Neurovascular Biology Research Group
Neurodegenerative disease and stroke continue to be leading causes of morbidity and mortality in the population, and the cost to families, society and the health care system cannot be overestimated. Significant progress has been made in dissecting the molecular pathways leading to synaptic pathology in neurodegenerative disease and post-stroke reorganization. However, translation of these results into clinically effective treatments remains a major challenge for the neurological disease community today.
The progress in translating basic science findings to clinical practice has been significantly compromised by major differences in the level of description of the physiological phenomena in animals and human studies. As such, most of the available data from mouse models of neurological disease reflect single-cell behavior in cell culture or isolated tissue preparations. However, the health of neurons in the intact brain depends not only on neuron-to-neuron connections but on functional interactions among the neurons, capillaries, and glia, termed the "neurovascular unit” (NVU).
Therefore, our major goal is to develop and apply new cutting-edge imaging technology for studying neuronal, vascular and metabolic activity within the NVU in live animal models of human disease. The NVU approach provides a more integrative answer to neurological damage, which may be closer to modeling the clinical reality.
The lessons learned from live NVU imaging will contribute to understanding neurodegenerative disorders like Alzheimer’s and Parkinson’s disease, multi-infarct dementia, frontotemporal dementia, amyotrophic lateral sclerosis and trinucleotide repeat disorders, in which a deterioration of neurovascular physiology involving alterations in tissue homeostasis contributes to motor and cognitive decline.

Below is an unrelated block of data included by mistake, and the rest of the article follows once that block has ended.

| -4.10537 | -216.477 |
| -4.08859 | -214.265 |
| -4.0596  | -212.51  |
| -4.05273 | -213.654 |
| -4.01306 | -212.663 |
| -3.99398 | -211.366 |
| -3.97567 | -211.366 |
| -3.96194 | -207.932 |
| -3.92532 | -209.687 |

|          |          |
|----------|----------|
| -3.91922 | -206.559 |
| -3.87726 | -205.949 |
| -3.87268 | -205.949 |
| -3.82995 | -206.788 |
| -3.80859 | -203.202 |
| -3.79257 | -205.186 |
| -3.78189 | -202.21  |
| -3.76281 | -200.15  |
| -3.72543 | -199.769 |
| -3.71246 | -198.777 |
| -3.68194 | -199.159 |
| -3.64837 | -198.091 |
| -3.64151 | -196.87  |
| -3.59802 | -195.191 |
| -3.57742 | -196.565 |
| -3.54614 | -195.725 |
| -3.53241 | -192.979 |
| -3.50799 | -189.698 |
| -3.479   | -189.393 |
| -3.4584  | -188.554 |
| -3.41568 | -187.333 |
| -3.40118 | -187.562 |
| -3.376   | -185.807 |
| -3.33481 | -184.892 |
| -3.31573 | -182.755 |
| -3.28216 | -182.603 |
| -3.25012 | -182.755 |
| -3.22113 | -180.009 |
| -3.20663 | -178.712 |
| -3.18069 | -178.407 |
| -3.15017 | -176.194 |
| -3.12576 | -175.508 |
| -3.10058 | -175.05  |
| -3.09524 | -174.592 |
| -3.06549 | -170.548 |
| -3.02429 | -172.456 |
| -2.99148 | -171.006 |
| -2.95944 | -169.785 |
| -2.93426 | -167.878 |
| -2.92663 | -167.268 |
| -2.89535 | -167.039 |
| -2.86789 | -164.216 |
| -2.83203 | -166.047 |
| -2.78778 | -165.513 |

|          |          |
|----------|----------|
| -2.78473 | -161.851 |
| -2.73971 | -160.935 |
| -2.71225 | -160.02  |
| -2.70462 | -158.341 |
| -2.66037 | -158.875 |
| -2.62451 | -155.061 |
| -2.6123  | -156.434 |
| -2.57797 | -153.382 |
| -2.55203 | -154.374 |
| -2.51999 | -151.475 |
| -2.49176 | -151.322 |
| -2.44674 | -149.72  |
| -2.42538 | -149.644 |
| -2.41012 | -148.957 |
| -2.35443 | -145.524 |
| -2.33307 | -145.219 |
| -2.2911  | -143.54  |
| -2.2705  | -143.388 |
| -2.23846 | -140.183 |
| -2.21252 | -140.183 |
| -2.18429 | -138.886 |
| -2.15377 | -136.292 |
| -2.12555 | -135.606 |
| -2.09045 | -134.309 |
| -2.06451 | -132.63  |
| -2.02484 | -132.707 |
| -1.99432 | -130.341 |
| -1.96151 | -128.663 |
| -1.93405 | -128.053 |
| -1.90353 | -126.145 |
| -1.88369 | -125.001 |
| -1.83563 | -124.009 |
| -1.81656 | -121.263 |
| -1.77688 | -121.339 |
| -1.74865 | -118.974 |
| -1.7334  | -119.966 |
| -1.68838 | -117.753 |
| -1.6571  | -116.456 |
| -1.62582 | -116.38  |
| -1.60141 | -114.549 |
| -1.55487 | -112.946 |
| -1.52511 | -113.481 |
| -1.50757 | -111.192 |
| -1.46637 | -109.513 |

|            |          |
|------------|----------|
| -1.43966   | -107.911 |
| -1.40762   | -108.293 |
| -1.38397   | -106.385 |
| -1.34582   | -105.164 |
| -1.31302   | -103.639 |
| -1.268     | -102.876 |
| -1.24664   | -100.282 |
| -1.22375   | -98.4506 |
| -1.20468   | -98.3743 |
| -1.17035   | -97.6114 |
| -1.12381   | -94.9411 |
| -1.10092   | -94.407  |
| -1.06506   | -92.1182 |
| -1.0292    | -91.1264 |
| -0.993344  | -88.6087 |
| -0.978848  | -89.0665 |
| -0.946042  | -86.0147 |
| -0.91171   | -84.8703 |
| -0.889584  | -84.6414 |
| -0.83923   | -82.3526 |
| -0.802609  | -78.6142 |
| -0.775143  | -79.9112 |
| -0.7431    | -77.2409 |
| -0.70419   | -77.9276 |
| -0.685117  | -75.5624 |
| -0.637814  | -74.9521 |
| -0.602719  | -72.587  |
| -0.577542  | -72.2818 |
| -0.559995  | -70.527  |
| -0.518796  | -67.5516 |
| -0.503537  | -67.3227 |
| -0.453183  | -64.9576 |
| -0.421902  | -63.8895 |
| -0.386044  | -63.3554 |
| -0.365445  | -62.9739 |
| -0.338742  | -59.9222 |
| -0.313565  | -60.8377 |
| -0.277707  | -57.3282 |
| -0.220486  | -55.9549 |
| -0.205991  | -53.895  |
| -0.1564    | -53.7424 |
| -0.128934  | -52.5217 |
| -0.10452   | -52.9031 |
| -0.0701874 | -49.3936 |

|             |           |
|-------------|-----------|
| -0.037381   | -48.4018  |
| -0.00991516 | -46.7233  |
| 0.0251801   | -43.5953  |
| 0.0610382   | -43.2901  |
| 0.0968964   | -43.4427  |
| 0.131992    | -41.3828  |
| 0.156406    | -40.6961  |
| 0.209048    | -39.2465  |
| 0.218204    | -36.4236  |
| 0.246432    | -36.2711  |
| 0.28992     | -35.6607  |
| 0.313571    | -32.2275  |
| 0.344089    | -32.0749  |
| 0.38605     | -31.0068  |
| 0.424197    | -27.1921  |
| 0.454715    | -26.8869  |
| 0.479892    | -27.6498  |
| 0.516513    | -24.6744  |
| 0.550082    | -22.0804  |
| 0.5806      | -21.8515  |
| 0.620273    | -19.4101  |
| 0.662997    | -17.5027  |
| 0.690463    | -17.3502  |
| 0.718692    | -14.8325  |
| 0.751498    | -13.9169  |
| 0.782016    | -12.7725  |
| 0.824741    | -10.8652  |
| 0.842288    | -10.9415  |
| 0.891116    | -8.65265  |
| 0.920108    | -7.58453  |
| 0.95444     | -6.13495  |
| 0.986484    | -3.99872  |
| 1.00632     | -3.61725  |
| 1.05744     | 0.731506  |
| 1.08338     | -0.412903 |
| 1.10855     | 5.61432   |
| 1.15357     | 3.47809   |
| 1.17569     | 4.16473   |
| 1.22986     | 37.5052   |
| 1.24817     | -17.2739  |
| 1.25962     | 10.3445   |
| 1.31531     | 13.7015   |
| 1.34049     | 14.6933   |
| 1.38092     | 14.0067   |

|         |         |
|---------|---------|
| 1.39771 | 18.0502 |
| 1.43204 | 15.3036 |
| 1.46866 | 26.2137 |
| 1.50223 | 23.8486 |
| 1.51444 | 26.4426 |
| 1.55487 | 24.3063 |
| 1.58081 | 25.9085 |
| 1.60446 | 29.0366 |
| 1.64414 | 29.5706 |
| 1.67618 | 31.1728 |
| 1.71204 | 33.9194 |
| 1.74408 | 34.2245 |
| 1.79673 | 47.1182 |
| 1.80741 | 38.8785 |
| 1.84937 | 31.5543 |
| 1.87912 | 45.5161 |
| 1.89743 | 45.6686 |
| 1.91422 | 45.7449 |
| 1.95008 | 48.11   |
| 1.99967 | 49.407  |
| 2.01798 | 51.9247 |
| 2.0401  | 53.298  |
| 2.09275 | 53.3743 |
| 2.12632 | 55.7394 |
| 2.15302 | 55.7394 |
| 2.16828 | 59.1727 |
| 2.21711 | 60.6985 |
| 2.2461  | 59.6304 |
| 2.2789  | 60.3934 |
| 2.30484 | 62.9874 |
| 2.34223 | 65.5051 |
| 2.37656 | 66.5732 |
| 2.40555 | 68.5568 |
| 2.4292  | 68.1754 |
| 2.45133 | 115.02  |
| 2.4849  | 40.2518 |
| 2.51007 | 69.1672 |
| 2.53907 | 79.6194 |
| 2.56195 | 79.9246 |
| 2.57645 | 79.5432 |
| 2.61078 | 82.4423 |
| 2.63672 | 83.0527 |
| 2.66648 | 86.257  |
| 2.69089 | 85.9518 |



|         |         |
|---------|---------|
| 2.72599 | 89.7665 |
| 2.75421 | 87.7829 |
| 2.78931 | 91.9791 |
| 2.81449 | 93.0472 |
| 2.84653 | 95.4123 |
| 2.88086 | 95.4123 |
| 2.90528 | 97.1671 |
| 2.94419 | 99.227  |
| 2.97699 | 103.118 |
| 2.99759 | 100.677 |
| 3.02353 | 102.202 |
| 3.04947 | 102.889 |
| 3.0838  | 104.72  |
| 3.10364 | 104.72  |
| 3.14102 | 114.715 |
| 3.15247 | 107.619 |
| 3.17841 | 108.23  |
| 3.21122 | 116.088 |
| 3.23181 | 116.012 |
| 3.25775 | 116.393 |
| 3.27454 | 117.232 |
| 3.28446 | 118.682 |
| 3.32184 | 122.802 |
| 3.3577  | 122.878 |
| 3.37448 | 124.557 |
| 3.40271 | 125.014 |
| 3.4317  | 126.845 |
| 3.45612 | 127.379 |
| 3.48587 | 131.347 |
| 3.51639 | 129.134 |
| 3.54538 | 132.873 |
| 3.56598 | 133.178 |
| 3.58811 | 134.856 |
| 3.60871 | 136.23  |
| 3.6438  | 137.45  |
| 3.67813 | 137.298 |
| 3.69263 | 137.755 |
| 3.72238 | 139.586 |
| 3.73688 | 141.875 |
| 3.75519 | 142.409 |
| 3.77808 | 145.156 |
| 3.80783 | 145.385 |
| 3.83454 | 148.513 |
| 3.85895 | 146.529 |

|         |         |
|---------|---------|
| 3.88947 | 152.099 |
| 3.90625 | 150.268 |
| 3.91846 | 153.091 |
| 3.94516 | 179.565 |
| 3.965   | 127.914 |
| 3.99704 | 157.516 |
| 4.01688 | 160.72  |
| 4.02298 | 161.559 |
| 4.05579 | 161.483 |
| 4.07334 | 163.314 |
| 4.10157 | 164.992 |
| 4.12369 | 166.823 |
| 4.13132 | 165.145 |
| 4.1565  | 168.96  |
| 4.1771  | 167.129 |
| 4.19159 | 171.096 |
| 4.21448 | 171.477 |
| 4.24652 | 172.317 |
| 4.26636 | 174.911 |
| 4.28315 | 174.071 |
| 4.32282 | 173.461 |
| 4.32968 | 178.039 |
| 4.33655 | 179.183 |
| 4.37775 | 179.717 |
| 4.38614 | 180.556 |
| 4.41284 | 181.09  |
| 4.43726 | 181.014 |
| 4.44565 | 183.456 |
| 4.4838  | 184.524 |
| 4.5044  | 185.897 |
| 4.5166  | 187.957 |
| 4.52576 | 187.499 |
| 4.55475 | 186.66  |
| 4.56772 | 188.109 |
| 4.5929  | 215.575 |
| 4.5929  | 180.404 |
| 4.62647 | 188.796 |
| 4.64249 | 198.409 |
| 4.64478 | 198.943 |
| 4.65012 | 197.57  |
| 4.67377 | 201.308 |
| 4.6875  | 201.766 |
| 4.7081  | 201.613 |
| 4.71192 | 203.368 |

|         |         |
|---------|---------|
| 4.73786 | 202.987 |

The expertise of our team, which includes neuroscientists, clinicians, physicists, engineers and computational scientists, extends beyond the boundaries of traditional biological and clinical sciences. Accordingly, the innovation falls into multiple categories:
- Development of new technologies for imaging and intervention in animal models of human disease.
- Integration of these imaging technologies with novel genetic tools for measurement of vascular and metabolic activity following controlled manipulation of neuronal circuits.
- Application of new imaging tools to basic biological questions of neurovascular physiology in healthy brains and neurovascular pathology in neurological disease and stroke.
- Development of computational frameworks directly applicable to clinical studies.
Imaging studies in animal models of human disease is necessary to establish a defined set of functional markers characterizing the progression of neuropathology. The outcome measures guide the development of novel therapeutic, preventive and diagnostic approaches.
UC San Diego's Neurosciences Department is uniquely positioned to train a new generation of young scientists and clinicians as it combines world-class experts in basic and clinical neuroscience and has a stellar track record in research on neurodegenerative disease. The Neurovascular Special Interest Group is a broad trans-disciplinary collaboration bringing together the necessary expertise and creating a framework for training new generation of scientists capable of interacting across traditional boundaries.